Faster Process but Not Transparent
Most non-banking finance companies (NBFCs) claim that they offer a loan of 70%-75% of the market value of gold item. However, when we asked for the exact amount, we were told that only once they see the jewellery, they would be able to give the exact loan to value that can be availed. Even a RBI working group found that the borrower is generally not clear about the gold price used for valuing the ornaments.
The RBI working group found that the format and content of documentation followed by each NBFC appear to be different, although each one of them claims to be giving a pawn ticket and loan agreement copy to the borrower. But when they spoke to complaining borrowers, they found that the pawn tickets do not contain the specific details of the jewels pawned, their weight in grams and the assessed value of the jewels. It does not contain complete details of the annualised rate of interest, maturity period of loan, details of auction procedure in case of default, any other charges, or the maturity period of the loan, etc.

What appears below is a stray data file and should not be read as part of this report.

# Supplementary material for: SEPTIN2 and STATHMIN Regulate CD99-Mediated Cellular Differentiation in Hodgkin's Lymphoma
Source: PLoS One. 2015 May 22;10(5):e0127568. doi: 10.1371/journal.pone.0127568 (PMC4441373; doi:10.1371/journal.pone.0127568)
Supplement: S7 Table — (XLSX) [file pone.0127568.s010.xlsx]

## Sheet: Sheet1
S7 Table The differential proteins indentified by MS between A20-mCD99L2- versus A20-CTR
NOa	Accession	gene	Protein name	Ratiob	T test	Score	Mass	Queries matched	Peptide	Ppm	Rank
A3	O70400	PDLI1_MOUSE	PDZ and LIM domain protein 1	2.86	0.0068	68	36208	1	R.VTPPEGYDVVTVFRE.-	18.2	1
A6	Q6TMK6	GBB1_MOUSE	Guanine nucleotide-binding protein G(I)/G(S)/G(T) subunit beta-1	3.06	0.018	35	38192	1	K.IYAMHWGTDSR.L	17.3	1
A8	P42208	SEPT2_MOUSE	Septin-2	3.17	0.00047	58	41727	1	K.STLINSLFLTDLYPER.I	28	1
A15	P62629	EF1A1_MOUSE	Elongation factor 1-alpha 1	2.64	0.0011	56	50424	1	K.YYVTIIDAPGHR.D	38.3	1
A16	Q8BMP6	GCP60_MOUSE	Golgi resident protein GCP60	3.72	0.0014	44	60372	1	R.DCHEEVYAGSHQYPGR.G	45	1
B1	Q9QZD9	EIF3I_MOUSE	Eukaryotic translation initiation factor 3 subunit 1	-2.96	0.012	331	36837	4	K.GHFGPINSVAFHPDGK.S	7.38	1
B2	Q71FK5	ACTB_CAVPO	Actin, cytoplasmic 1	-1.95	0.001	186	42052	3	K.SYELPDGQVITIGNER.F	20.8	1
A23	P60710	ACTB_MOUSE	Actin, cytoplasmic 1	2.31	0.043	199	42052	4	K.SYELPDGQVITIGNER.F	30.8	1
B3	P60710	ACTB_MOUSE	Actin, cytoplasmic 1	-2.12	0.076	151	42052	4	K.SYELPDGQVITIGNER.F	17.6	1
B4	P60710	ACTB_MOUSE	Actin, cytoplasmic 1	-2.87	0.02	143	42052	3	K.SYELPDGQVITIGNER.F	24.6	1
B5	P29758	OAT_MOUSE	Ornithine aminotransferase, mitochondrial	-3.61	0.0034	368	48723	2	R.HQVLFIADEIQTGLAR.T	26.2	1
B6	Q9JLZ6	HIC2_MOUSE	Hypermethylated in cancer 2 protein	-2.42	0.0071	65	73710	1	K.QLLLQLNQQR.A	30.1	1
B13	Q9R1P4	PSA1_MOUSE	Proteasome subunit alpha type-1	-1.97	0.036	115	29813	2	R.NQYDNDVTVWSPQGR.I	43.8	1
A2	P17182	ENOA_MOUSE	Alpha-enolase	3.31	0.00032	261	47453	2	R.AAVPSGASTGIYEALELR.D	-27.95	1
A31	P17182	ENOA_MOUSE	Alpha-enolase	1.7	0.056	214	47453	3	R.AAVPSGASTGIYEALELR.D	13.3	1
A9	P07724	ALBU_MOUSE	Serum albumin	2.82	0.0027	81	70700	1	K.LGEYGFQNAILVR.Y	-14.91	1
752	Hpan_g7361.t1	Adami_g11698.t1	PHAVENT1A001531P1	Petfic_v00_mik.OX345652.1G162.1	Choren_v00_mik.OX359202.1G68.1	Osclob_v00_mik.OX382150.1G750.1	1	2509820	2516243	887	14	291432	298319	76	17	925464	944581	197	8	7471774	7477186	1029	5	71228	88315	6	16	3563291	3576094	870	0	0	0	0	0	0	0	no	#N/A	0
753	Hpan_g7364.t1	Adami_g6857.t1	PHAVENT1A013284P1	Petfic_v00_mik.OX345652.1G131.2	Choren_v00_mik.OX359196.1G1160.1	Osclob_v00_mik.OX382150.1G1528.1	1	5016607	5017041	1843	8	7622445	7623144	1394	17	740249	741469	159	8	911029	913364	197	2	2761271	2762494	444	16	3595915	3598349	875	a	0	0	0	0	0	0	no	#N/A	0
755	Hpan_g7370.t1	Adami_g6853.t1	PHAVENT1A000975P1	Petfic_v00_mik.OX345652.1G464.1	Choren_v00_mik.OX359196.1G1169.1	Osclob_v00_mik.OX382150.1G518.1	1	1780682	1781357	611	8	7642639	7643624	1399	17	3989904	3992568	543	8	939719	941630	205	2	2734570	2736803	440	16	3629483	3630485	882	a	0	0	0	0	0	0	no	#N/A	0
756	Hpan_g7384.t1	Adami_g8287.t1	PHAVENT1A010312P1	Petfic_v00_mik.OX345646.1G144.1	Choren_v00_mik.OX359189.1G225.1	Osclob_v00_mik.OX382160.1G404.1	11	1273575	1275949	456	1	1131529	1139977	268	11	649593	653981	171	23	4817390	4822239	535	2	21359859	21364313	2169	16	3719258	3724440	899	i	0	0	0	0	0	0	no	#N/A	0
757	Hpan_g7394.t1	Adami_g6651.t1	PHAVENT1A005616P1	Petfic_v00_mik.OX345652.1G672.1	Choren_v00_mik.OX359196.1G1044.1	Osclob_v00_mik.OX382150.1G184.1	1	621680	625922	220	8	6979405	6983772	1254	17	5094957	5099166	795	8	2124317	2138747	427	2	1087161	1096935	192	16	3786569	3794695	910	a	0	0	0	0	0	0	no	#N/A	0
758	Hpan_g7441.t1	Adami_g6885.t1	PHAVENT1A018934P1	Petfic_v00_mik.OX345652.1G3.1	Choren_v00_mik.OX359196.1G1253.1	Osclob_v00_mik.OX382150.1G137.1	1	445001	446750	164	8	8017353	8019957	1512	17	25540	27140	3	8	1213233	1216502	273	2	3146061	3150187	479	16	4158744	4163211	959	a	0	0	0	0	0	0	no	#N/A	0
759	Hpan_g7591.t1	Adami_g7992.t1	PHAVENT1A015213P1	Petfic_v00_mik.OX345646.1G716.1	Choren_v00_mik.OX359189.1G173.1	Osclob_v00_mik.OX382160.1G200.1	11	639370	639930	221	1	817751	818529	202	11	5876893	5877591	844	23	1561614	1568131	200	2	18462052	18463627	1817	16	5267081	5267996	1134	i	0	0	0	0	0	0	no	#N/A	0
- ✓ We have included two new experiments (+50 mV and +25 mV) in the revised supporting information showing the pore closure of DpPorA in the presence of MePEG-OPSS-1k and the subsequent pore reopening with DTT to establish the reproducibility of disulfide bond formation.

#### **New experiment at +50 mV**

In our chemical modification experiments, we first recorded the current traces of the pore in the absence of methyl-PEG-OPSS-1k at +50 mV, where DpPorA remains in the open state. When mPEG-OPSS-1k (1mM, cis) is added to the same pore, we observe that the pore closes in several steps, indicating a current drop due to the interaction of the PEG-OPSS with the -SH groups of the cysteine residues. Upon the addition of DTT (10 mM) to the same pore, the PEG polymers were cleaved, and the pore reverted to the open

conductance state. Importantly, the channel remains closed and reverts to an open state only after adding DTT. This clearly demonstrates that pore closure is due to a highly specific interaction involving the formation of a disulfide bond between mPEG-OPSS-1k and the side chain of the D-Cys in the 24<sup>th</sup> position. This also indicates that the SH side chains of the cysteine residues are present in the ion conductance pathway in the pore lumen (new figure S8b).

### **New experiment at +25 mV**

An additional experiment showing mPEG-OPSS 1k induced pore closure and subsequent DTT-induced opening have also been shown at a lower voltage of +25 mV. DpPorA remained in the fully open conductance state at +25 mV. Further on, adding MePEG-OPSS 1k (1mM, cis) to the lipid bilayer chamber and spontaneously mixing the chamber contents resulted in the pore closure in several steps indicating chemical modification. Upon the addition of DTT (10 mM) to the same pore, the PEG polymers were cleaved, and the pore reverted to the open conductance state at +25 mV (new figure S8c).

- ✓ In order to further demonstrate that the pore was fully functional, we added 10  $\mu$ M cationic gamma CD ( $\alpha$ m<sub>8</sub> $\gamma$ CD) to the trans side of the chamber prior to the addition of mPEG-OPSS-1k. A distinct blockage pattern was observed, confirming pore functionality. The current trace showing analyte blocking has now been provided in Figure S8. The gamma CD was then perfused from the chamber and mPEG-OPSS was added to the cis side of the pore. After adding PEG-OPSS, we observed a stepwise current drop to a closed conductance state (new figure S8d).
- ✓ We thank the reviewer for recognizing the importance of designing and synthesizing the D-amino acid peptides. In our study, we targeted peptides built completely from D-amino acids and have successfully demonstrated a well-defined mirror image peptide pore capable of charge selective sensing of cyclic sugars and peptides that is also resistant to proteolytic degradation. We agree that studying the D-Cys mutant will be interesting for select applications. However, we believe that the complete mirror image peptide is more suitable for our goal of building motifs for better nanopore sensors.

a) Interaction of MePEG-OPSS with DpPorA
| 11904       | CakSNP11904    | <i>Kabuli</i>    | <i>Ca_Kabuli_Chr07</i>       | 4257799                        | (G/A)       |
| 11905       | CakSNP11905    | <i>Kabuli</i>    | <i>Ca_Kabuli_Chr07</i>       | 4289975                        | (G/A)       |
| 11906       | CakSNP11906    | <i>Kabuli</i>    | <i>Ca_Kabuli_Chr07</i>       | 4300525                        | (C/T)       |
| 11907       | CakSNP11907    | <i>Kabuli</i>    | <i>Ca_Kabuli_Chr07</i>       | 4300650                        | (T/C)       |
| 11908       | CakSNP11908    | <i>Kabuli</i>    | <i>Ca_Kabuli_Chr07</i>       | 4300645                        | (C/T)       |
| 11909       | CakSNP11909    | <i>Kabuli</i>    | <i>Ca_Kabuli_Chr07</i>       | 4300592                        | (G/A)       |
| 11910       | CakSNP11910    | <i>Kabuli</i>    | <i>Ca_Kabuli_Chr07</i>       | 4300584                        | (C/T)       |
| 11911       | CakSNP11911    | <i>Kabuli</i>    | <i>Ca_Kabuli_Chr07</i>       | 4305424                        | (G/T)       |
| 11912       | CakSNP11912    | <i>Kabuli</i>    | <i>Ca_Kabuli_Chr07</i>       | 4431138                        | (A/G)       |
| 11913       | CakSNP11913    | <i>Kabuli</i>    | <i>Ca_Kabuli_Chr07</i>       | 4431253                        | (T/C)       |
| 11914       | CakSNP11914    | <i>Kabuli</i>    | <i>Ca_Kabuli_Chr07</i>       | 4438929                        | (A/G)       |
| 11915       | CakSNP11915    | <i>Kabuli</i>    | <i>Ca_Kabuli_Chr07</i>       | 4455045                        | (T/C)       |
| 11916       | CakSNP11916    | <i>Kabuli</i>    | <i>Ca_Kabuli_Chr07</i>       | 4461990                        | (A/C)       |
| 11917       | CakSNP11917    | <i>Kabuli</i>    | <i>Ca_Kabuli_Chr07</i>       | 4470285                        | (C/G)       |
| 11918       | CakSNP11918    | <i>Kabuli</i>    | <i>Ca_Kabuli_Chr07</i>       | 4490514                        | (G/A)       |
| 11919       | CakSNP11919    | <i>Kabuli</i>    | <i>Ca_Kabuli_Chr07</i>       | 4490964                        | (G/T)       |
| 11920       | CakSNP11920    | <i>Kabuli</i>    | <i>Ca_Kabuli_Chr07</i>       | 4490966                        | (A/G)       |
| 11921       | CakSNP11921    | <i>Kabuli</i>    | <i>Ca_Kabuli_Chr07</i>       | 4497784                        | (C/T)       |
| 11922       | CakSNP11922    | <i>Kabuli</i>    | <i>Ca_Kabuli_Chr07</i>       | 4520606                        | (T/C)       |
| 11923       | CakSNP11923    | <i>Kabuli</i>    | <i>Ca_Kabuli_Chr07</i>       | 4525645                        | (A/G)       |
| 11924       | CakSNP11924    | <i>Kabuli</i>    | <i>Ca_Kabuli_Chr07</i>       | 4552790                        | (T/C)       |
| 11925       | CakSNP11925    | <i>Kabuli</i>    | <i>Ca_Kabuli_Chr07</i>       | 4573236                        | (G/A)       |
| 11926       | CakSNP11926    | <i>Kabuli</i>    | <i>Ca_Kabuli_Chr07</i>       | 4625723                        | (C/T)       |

The procedure relating to auctioning of jewels is not transparently explained to the borrower. Even though the borrower is informed by the NBFCs about the auctioning of their jewels, the borrower is not informed where and when the jewels are auctioned.
In one complaint received by RBI, the borrower was neither informed about the auctioning of his jewels nor called for repaying his loan. Above all, though the market value of ornaments in this case was much above the total dues outstanding, the difference on the sale of ornaments was not given to the borrower. But let’s us now come to the simple math of why borrowing against your gold makes little sense.
The Actual Cost of Gold Loans
When you borrow against gold jewellery, you are paying a very high interest as well as documentation, processing and valuation charges on an asset that you already own. Further, since people only borrow against gold in an extreme emergency, the chances of paying back within a year are low, which means that the interest mounts and the risk of default is also higher. Let’s look at a few possible scenarios to check if taking a gold loan is worthwhile.